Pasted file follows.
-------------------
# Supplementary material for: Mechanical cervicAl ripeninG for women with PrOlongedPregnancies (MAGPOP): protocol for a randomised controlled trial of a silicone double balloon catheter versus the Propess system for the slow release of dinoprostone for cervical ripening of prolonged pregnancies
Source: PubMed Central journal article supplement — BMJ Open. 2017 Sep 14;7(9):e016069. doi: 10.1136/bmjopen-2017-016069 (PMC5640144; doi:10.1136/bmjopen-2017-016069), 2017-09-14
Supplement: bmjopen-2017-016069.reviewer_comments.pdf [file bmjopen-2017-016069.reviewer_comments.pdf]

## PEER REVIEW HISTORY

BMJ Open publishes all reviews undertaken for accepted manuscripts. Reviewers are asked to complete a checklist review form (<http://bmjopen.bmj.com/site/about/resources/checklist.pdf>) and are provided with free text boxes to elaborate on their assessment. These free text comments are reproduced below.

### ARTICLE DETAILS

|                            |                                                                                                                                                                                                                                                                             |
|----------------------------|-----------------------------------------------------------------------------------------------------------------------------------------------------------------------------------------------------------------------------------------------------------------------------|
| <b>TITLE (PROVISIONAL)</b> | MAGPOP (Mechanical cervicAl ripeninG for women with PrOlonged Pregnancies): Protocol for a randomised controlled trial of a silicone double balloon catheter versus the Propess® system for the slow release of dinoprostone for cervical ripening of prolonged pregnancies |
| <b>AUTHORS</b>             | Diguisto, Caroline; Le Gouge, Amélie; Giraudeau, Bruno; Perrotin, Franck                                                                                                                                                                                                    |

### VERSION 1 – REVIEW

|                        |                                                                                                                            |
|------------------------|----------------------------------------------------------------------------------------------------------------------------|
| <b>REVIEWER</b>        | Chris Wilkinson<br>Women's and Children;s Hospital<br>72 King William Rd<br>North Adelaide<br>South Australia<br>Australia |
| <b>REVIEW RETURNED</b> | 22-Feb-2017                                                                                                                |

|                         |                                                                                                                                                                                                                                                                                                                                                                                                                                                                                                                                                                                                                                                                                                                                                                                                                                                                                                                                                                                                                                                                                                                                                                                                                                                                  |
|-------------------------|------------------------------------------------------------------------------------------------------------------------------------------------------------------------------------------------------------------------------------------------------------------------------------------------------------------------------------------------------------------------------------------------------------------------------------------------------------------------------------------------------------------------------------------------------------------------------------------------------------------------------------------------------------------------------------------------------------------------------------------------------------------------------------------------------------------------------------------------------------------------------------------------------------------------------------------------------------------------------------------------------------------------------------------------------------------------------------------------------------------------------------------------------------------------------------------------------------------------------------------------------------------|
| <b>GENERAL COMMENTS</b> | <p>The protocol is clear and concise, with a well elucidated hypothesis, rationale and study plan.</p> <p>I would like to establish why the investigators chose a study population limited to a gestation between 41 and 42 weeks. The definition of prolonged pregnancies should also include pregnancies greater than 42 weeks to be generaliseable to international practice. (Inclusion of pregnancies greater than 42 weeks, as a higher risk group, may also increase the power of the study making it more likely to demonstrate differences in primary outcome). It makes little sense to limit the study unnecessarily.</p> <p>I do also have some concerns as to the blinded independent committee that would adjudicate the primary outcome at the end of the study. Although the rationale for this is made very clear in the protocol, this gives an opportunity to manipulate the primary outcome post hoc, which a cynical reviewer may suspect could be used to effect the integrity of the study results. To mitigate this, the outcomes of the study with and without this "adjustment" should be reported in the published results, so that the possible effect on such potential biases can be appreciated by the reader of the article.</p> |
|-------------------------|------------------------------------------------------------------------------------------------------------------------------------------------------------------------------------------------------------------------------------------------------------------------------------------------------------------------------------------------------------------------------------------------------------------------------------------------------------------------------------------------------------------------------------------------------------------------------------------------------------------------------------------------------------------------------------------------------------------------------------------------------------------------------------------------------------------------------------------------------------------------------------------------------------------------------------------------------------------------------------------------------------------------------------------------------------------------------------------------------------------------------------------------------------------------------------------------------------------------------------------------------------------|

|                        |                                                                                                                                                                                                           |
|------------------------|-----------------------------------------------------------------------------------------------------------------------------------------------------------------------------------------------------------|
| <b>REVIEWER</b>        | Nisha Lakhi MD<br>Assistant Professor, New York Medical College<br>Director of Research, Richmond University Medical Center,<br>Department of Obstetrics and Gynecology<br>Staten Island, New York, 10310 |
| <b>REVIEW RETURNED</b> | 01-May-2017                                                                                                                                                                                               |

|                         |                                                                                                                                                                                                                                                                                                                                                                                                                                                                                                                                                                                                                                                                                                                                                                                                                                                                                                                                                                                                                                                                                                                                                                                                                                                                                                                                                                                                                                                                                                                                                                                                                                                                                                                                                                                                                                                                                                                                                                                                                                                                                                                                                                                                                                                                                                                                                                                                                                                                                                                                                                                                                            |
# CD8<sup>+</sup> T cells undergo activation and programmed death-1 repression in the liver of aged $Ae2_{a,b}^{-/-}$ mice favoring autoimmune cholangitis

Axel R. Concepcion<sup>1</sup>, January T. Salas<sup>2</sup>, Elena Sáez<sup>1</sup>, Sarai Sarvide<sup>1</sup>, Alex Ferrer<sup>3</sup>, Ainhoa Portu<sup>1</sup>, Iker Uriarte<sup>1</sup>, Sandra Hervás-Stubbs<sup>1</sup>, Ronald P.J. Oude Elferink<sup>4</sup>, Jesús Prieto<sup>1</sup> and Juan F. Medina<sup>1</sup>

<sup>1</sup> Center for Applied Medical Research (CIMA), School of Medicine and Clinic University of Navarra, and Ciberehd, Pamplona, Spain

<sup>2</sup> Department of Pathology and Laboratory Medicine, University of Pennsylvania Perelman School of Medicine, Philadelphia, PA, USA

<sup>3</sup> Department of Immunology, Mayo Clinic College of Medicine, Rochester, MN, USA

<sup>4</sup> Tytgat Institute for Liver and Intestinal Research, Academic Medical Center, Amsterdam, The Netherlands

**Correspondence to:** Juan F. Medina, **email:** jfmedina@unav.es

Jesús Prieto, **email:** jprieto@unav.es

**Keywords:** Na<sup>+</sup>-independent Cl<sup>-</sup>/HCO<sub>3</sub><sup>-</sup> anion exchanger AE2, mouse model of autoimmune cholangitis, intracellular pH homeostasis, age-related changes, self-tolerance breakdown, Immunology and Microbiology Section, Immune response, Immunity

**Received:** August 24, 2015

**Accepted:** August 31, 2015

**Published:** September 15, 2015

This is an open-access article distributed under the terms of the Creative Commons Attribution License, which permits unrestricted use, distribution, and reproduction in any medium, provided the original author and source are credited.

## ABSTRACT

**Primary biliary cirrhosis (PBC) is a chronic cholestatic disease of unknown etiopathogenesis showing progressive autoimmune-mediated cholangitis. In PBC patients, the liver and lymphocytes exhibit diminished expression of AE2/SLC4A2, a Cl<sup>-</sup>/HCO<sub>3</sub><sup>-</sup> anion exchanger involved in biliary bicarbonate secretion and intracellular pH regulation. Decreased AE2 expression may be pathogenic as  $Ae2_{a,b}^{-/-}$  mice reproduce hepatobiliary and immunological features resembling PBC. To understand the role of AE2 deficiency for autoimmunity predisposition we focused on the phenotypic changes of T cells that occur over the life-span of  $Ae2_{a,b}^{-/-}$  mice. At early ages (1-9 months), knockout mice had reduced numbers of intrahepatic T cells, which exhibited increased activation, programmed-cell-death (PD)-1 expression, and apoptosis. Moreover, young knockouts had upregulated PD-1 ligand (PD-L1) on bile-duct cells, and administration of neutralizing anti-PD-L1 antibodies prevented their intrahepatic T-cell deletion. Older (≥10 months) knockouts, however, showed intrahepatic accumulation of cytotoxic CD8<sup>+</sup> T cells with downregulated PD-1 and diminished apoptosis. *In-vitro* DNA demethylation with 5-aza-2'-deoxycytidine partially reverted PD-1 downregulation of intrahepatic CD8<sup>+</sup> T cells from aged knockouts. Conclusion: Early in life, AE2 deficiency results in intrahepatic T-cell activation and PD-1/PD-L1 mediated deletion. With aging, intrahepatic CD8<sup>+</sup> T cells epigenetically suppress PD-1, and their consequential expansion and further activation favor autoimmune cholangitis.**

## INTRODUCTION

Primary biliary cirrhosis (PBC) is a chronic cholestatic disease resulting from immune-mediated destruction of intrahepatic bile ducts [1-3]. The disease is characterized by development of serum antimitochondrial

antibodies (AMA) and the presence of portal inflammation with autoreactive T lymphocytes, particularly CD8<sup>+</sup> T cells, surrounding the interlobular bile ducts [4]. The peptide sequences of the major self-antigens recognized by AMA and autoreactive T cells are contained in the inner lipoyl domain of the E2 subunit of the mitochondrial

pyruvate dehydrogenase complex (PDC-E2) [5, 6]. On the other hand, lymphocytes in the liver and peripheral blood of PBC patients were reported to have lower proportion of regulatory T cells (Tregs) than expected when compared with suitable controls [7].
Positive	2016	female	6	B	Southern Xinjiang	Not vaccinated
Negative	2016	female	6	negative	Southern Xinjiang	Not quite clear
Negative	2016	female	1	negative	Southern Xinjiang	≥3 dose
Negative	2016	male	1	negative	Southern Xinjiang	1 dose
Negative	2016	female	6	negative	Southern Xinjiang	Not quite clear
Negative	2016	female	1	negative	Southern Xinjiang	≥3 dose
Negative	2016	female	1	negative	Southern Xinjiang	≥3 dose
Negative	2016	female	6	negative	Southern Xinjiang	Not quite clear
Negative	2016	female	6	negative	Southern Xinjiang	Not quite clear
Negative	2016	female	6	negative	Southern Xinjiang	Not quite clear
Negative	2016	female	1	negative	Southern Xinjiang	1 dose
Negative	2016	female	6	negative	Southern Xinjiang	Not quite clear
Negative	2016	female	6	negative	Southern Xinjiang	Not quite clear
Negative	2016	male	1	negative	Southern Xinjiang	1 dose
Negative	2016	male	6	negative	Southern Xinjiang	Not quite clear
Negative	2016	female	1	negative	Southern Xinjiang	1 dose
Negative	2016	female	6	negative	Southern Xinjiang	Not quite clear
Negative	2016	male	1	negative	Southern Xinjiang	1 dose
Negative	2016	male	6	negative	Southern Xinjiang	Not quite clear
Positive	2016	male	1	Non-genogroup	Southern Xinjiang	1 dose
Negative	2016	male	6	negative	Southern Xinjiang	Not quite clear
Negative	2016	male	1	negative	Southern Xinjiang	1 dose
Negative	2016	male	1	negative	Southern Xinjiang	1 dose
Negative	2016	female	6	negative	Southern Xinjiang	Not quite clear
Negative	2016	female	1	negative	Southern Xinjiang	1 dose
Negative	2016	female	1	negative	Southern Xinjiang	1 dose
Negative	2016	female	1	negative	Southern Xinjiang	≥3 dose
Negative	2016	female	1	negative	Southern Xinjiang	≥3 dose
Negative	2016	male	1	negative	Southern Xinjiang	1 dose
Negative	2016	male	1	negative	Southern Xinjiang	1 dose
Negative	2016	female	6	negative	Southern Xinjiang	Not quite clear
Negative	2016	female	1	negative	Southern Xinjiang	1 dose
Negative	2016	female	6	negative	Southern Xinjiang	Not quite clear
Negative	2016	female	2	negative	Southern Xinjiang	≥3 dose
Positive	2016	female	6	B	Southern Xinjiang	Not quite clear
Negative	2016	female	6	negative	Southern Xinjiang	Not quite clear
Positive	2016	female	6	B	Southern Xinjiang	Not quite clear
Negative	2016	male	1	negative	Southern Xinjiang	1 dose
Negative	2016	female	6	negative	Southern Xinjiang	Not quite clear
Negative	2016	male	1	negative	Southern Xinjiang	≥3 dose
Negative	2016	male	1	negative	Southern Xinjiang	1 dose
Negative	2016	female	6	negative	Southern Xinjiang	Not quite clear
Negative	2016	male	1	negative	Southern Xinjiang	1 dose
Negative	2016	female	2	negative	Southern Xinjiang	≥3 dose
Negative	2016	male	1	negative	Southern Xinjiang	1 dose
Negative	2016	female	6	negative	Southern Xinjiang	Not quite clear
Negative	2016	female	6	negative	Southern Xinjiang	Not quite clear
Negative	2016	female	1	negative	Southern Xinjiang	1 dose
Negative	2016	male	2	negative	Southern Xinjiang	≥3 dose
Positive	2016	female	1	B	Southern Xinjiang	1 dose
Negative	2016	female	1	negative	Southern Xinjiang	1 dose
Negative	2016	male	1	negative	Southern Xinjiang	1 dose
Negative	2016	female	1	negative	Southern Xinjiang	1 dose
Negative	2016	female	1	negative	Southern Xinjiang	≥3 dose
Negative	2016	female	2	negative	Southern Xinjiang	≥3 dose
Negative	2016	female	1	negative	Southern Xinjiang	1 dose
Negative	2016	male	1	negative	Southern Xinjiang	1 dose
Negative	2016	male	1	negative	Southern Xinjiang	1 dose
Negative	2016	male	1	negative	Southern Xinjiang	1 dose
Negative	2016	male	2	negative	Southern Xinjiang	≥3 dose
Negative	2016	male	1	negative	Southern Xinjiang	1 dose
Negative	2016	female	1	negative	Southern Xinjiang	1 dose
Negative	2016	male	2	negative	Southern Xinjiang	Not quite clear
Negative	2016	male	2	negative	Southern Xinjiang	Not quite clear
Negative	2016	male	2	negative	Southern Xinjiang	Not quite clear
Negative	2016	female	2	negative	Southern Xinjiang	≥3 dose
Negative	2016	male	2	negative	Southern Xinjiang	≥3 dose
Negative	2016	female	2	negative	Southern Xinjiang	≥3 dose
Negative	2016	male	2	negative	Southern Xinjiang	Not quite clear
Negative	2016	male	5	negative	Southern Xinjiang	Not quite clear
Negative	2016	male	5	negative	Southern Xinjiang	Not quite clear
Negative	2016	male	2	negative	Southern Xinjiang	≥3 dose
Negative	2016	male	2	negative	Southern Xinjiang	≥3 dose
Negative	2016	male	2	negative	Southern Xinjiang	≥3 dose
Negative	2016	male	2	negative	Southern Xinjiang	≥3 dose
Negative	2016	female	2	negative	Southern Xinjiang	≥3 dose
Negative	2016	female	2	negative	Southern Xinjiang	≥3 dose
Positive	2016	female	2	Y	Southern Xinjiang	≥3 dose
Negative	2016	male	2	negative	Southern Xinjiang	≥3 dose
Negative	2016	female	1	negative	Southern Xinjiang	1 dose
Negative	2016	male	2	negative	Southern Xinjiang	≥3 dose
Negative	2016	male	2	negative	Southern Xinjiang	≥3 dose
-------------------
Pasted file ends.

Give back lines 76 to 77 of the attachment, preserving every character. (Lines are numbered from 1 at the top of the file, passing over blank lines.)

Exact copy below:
Negative	2016	female	6	negative	Southern Xinjiang	Not quite clear
Negative	2016	female	2	negative	Southern Xinjiang	≥3 dose